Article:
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Pilot Lue Morton Describes 'Hardest Part' of Parachuting Down to Ocean

Good Morning America

Pilot on Plane Escape: A Lot of Things Could Have Gone Wrong

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Pilot on Plane Escape: A Lot of Things Could Have Gone Wrong

With a parachute over his head, a life-vest around his neck and his plane hurtling towards the Pacific Ocean, pilot Lue Morton paused not to pray but to take a selfie with his GoPro camera.

“It was kind of funny,” Morton told ABC News. “Right before that, the gentleman in the Coast Guard told me, 'I do not envy you at all.'"

Morton, 25, was seven hours into a solo flight from California to Hawaii Sunday when his single-engine Cirrus SR-22 suffered what Morton believes was a malfunction in the fuel system.

Pilot Pulls Parachute in Dramatic Plane Escape Over Ocean

After calling for help on his satellite phone, Morton picked up the phone again to call his dad, Pat Morton.

“It kind of takes on a new meaning when your typical end of your phone call conversation is the typical 'I love you,' and then, well, 'Hopefully, I’ll be able to tell you that again,'” Lue Morton said.

“The hardest part of that flight was making that phone call,” he said. “At that point I told them, ‘I’m probably going to be ditching in the water.’”

Morton did ditch his plane into the water at the advice of the U.S. Coast Guard, which realized Morton would not make it to land or within range of a rescue helicopter.

Coast Guard officials diverted Morton south of his position to the location of a nearby Holland America cruise ship in the middle of an 18-day round-trip cruise to Lahaina, Hawaii, from San Diego, that had agreed to help.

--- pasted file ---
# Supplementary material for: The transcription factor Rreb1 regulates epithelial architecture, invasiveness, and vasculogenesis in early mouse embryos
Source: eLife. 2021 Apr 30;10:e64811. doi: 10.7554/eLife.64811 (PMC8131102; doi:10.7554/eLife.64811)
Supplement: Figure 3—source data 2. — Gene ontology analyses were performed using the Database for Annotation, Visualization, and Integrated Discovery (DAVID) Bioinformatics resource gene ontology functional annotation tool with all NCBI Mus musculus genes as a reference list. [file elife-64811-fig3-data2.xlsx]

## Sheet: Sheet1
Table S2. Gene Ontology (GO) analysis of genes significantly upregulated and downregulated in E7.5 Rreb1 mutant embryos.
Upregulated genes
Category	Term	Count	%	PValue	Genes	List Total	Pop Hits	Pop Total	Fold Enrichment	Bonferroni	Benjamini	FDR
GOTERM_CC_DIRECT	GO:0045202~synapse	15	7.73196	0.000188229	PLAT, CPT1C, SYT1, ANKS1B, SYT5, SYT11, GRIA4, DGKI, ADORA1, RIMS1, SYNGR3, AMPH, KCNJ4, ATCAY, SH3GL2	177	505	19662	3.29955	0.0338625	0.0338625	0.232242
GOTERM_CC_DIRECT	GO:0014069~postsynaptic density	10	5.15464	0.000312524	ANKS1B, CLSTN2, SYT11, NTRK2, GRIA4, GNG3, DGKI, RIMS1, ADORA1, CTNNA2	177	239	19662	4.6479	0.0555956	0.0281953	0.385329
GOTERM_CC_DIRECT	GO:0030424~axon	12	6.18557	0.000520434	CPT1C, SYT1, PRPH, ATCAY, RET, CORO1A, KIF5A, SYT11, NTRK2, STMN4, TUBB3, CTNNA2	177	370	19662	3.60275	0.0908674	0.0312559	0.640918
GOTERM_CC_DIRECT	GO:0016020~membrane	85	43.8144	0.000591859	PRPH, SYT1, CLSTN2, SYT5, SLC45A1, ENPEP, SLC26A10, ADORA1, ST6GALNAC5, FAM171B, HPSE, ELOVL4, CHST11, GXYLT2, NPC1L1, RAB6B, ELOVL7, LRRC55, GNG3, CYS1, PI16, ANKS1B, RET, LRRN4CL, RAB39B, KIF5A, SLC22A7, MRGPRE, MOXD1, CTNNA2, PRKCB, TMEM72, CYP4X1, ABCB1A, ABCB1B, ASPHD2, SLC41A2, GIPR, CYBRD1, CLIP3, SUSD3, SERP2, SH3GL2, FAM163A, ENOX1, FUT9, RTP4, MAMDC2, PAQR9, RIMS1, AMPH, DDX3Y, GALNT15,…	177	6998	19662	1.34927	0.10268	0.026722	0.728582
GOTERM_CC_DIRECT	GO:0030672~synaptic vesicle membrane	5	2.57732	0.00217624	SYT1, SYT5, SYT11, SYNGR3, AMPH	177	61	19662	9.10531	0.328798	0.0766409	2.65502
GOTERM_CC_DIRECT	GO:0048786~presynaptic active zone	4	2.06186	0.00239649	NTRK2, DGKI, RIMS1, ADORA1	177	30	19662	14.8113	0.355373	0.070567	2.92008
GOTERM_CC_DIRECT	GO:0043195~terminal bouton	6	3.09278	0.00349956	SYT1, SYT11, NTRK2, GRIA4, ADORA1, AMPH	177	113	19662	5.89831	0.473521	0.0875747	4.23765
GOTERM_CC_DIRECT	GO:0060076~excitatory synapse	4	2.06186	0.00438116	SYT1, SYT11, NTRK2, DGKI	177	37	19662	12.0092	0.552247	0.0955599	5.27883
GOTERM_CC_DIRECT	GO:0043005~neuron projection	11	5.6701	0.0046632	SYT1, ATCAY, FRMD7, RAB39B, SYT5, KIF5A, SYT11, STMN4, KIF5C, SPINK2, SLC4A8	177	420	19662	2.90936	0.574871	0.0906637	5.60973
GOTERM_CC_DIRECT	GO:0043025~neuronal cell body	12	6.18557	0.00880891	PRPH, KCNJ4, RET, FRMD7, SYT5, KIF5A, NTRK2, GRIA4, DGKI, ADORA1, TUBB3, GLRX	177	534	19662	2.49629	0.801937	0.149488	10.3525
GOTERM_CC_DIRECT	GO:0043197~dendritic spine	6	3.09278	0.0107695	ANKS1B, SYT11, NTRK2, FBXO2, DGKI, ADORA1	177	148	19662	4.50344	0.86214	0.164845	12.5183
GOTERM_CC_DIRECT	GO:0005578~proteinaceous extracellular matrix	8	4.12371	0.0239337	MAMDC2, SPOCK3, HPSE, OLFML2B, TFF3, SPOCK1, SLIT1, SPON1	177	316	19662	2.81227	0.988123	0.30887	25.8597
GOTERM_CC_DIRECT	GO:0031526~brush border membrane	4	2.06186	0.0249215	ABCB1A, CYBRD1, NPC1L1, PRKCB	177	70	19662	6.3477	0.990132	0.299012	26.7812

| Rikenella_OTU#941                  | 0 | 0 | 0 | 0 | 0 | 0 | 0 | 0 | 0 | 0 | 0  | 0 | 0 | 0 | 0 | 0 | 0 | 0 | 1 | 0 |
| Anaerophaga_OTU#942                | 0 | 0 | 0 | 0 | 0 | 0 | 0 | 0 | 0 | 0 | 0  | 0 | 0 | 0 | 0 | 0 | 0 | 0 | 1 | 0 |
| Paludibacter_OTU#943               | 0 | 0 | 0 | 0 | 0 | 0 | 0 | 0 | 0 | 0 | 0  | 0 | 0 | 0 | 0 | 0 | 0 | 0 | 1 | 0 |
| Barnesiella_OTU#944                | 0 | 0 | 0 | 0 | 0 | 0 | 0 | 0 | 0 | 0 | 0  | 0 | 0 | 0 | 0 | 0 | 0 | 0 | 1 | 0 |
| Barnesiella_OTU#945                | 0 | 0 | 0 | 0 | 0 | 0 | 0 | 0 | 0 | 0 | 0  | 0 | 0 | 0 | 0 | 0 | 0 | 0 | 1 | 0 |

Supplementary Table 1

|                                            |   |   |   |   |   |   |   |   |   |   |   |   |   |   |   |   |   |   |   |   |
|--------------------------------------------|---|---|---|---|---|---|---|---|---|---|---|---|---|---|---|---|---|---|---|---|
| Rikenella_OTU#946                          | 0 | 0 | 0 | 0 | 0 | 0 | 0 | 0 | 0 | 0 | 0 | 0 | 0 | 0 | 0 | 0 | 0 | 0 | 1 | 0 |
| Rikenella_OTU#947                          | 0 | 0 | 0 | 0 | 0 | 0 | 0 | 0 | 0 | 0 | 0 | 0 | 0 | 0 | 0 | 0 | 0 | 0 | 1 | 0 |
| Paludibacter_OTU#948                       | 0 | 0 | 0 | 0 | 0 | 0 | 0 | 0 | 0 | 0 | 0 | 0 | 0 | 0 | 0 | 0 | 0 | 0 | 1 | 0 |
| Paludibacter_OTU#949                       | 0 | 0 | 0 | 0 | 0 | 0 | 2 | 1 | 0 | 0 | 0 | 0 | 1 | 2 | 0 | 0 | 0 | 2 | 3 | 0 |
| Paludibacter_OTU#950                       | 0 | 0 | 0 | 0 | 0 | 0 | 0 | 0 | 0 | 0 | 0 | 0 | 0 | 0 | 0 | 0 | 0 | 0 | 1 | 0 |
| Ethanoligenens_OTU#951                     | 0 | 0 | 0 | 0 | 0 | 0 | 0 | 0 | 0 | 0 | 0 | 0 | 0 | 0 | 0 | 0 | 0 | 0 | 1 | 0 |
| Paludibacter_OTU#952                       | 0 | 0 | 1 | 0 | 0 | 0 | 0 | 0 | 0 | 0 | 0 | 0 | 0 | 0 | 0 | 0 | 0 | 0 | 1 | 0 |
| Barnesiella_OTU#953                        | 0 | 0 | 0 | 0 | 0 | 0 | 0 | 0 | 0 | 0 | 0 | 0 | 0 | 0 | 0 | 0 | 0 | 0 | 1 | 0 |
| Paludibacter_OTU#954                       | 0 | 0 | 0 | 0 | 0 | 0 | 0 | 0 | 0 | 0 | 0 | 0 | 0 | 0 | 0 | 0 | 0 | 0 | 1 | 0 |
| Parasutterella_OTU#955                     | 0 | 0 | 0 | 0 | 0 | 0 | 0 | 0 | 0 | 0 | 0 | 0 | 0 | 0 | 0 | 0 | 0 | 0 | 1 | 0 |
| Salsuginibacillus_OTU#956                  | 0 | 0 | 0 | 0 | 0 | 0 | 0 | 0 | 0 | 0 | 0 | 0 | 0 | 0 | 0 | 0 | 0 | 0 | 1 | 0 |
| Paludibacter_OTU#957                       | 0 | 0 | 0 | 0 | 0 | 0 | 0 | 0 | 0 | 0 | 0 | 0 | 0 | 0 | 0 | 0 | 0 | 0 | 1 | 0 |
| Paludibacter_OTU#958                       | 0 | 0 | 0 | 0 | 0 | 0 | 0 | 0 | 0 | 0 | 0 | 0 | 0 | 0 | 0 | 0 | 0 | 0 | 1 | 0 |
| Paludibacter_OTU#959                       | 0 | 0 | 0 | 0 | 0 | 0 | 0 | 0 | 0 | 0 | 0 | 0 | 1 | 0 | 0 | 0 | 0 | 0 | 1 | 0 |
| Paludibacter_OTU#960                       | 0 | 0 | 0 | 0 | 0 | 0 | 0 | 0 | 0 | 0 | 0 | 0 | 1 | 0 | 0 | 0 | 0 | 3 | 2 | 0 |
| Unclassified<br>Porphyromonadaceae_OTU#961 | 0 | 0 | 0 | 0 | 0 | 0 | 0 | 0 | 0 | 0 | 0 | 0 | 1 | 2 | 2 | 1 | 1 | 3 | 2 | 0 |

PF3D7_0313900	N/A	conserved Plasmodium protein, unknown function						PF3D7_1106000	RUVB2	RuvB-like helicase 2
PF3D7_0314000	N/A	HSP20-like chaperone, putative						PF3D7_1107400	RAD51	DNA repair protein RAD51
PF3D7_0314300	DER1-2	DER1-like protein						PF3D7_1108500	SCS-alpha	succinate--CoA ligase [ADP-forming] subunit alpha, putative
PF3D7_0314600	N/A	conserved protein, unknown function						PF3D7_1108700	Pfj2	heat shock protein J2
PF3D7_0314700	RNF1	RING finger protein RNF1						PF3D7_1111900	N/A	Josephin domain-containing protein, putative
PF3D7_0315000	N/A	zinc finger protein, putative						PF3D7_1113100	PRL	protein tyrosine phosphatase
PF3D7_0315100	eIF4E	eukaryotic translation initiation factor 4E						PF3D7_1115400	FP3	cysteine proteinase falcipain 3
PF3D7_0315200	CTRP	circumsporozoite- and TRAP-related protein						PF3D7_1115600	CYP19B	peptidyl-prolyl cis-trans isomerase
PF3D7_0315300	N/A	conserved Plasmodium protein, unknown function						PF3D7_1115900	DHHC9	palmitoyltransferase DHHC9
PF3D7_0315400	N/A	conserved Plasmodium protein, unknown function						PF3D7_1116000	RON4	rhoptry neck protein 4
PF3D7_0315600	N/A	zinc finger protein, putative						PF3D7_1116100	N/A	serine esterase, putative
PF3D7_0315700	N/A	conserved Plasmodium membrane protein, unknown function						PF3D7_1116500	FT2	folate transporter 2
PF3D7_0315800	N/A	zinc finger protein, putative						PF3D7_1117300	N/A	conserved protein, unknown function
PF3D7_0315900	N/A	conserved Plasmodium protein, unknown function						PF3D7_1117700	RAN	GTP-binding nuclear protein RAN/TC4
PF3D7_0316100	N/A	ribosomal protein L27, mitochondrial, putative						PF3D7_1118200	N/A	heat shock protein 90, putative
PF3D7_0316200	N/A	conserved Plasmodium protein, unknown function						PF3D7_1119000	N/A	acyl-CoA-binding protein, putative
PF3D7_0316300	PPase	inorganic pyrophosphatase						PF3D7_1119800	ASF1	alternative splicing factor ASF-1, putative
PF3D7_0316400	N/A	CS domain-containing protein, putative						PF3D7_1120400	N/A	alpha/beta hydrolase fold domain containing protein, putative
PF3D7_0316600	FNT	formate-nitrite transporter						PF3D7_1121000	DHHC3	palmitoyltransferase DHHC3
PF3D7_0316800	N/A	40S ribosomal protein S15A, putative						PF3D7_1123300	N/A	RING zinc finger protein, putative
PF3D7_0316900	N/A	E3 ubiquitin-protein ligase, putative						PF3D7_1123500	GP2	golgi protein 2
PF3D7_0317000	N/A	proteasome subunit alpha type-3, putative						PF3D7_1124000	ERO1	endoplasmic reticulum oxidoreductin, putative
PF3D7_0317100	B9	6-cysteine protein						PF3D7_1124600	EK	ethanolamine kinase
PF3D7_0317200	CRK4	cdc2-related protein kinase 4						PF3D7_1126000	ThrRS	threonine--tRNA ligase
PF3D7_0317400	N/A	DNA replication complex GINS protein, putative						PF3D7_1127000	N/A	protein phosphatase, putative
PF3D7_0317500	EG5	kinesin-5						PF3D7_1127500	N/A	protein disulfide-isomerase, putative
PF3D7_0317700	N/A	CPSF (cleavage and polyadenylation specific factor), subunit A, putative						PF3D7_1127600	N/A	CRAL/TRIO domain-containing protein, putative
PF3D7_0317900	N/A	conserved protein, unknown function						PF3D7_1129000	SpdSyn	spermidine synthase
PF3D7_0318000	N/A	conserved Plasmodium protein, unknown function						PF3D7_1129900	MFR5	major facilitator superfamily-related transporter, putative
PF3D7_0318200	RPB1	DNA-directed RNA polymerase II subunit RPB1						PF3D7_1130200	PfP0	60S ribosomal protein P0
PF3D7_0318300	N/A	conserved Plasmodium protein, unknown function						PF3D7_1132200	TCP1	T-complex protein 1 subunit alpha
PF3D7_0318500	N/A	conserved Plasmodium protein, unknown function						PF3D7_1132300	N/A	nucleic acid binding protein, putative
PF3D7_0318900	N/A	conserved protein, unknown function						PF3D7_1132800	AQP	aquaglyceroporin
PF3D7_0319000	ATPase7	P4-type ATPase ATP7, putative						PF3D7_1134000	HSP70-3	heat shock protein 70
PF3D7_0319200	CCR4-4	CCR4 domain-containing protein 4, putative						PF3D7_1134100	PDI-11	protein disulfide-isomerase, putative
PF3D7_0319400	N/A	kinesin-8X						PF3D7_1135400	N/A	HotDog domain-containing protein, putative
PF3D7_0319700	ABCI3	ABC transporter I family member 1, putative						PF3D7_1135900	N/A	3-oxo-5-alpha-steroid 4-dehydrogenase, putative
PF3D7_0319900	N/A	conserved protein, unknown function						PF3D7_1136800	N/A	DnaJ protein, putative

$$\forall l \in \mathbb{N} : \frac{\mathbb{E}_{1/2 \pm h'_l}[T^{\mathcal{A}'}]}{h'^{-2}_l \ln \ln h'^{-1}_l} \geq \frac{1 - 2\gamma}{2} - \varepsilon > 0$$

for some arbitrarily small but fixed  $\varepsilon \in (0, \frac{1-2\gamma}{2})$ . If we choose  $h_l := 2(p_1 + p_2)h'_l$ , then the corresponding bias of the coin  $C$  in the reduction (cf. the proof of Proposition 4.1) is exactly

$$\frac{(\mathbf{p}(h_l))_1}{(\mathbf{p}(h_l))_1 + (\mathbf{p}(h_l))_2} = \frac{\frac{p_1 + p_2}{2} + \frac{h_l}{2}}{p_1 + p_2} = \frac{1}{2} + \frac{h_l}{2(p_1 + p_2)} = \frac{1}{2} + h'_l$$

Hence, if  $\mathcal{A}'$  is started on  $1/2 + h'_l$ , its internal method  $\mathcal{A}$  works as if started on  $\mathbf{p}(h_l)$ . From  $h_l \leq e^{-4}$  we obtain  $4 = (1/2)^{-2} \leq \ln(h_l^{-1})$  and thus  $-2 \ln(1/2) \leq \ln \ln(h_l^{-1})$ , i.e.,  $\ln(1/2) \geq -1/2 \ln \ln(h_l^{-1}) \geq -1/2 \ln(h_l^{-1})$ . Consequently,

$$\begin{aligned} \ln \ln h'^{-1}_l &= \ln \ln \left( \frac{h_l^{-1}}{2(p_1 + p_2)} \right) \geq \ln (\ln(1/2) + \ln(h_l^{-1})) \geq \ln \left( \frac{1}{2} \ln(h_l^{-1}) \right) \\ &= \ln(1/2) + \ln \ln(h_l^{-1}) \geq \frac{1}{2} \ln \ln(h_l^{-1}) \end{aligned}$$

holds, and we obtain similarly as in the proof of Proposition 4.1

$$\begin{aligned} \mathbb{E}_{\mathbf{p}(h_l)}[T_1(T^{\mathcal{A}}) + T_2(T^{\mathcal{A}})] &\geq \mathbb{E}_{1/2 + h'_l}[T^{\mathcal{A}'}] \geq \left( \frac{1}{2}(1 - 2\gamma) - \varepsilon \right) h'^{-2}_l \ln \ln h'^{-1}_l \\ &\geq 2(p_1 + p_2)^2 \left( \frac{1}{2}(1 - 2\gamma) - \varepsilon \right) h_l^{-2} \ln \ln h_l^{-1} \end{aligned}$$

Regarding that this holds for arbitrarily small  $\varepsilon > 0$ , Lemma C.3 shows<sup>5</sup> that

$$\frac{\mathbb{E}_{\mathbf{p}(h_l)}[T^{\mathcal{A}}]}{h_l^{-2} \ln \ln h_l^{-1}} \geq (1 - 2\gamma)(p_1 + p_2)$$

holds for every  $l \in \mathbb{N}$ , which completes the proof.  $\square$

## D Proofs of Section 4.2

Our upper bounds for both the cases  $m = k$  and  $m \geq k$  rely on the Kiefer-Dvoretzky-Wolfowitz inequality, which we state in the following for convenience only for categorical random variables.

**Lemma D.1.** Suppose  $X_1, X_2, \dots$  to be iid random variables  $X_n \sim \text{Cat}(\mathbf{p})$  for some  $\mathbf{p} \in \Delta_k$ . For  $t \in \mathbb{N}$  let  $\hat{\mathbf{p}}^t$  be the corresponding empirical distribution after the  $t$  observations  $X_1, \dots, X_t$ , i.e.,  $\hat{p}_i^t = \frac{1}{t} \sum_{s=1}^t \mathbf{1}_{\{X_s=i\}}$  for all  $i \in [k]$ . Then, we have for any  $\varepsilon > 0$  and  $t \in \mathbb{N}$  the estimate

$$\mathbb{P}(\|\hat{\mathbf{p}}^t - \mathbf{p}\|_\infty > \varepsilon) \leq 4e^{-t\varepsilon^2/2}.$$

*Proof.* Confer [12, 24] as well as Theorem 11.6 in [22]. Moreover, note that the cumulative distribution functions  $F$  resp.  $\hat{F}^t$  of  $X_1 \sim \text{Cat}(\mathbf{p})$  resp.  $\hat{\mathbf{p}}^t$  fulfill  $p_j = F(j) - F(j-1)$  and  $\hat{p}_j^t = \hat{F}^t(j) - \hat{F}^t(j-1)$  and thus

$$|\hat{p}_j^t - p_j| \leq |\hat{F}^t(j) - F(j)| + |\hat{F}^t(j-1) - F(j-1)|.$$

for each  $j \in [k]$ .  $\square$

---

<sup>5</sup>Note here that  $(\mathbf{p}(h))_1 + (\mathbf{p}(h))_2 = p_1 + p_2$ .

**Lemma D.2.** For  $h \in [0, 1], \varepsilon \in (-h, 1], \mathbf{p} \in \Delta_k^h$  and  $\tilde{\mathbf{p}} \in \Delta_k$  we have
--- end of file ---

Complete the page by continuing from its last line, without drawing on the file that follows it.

As Morton, a pilot since the age of 17, circled the ship with the fuel in his plane dwindling, he prepared to pull the “airframe parachute system," a standard feature on the Cirrus planes Morton flies as a pilot at The Flight Academy.

“I felt like a 5-year-old standing on a high dive looking down,” Morton said. “I was like 'OK, alright, here we go.'”

The parachute deployed with a controlled explosion, something that Morton said caught him off guard despite his preparation.

“You tell yourself what’s going to happen and you talk yourself through it ... but you’re still not quite ready for what’s going to happen,” he said.

Morton grabbed his life raft in the ocean and said he then wondered if he would be able to make it out.

“There’s a lot of things that could have gone wrong,” Morton said, "[such as] if I get my pant leg or shirt sleeve caught on something as I’m getting out, or I get a huge swell or something that cascades over the aircraft or rolls the aircraft.”

None of those things did go wrong for Morton. He watched from his tiny life raft as the brand new plane sank into the ocean.

Morton was then got picked up by a boat sent from the Holland America cruise ship.

“I’m really grateful that they were able to take care of me while I was there,” Morton said.

“First time on a cruise boat," he joked. "Hopefully, the last I’m going to drop in on.”

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